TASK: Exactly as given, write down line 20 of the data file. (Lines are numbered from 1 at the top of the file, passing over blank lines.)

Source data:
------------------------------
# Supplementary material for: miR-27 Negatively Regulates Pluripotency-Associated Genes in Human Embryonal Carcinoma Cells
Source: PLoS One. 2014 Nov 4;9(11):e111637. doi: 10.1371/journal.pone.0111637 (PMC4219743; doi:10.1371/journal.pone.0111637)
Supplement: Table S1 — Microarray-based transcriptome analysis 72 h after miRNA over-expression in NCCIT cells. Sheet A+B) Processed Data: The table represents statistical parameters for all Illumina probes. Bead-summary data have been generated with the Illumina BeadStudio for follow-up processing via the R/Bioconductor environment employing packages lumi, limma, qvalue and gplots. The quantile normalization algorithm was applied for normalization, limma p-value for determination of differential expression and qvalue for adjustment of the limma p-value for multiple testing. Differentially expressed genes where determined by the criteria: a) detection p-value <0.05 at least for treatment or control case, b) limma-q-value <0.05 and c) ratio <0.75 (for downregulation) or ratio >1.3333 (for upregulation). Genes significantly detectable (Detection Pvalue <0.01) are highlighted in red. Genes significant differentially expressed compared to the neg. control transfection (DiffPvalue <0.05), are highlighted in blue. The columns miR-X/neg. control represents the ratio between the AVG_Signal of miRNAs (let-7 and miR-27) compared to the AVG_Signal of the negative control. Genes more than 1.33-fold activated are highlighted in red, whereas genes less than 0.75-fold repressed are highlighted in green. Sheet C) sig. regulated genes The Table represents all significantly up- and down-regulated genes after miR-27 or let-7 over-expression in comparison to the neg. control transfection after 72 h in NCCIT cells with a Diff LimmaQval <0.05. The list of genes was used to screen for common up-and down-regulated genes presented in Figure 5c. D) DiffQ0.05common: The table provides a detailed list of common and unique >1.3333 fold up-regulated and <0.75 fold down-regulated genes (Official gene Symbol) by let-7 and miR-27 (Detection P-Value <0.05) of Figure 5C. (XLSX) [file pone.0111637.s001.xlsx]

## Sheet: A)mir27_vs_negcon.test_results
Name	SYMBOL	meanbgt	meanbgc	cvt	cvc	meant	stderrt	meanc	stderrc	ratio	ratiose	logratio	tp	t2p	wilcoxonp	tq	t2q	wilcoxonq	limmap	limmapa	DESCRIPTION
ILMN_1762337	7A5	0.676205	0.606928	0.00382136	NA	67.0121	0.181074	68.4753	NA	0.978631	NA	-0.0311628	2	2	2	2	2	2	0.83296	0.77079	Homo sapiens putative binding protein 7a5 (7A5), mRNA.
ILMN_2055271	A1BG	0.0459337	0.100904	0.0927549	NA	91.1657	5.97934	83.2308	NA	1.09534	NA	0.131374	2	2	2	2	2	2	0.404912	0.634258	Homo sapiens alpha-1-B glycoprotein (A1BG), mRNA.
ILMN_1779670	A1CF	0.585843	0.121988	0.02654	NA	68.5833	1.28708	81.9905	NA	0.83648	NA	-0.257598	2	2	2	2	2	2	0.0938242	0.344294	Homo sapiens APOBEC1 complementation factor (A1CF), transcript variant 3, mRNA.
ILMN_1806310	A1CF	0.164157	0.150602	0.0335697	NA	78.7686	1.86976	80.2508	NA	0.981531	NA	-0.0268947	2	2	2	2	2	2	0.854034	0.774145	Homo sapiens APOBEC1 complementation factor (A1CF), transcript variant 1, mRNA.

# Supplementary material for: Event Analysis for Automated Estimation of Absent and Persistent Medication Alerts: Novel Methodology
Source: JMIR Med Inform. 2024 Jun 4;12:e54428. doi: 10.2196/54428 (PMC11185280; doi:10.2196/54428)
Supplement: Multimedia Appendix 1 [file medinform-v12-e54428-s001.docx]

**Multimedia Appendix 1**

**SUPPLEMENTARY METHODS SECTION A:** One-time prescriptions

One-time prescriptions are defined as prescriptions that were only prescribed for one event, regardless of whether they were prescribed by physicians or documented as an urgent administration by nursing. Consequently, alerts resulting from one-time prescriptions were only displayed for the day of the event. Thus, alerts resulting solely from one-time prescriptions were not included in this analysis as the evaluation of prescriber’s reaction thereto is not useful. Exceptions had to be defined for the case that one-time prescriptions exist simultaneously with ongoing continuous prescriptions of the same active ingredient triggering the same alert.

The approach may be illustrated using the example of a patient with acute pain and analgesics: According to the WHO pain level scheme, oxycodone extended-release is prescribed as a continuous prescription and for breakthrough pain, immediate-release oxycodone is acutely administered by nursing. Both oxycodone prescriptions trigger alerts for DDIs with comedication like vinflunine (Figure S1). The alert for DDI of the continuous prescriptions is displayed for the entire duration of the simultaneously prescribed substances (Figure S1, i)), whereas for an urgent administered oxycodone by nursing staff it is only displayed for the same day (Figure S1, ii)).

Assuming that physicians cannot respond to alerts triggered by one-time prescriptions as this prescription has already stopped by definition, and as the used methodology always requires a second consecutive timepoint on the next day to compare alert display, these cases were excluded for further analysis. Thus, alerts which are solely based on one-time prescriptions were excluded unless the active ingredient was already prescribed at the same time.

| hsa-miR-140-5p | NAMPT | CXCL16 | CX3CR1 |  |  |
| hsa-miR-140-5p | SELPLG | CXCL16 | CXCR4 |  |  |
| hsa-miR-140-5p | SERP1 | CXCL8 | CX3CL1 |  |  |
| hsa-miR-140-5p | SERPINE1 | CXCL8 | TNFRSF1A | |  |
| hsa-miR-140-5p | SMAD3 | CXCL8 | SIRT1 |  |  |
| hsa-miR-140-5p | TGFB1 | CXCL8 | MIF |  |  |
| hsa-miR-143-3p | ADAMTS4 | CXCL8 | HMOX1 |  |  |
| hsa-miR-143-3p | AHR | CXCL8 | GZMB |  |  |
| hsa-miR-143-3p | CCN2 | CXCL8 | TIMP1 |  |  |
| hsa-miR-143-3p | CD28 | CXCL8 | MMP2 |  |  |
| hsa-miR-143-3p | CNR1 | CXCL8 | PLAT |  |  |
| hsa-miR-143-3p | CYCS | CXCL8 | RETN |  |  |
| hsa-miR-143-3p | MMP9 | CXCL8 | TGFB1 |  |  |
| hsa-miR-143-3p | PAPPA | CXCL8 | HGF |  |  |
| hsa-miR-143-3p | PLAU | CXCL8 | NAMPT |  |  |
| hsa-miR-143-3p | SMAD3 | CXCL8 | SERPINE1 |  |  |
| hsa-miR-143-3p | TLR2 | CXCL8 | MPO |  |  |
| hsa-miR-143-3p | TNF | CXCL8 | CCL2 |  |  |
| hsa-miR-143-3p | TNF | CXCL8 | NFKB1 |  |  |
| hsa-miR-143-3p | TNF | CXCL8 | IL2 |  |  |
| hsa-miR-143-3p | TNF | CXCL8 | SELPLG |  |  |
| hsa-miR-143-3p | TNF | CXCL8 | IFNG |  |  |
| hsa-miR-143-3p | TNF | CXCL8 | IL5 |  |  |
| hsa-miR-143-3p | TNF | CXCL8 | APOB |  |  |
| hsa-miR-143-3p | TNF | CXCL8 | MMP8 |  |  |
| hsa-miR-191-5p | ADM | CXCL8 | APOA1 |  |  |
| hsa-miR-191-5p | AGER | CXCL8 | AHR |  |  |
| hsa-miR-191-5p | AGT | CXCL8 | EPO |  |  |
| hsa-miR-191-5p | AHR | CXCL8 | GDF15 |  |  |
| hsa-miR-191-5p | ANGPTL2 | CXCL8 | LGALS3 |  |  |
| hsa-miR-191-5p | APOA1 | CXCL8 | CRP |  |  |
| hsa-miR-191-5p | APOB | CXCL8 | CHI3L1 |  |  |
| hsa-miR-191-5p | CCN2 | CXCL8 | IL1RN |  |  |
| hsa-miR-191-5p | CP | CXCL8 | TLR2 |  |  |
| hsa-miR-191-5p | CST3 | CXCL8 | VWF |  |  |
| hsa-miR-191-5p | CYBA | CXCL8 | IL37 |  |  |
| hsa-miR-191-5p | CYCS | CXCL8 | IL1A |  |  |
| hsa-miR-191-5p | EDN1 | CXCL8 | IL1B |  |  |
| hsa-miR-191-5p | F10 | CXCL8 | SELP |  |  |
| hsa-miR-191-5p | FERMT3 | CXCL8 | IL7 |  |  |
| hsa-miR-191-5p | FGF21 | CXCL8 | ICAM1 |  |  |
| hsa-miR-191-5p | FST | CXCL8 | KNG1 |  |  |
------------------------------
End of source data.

| hsa-miR-140-5p | SERP1 | CXCL8 | CX3CL1 |  |  |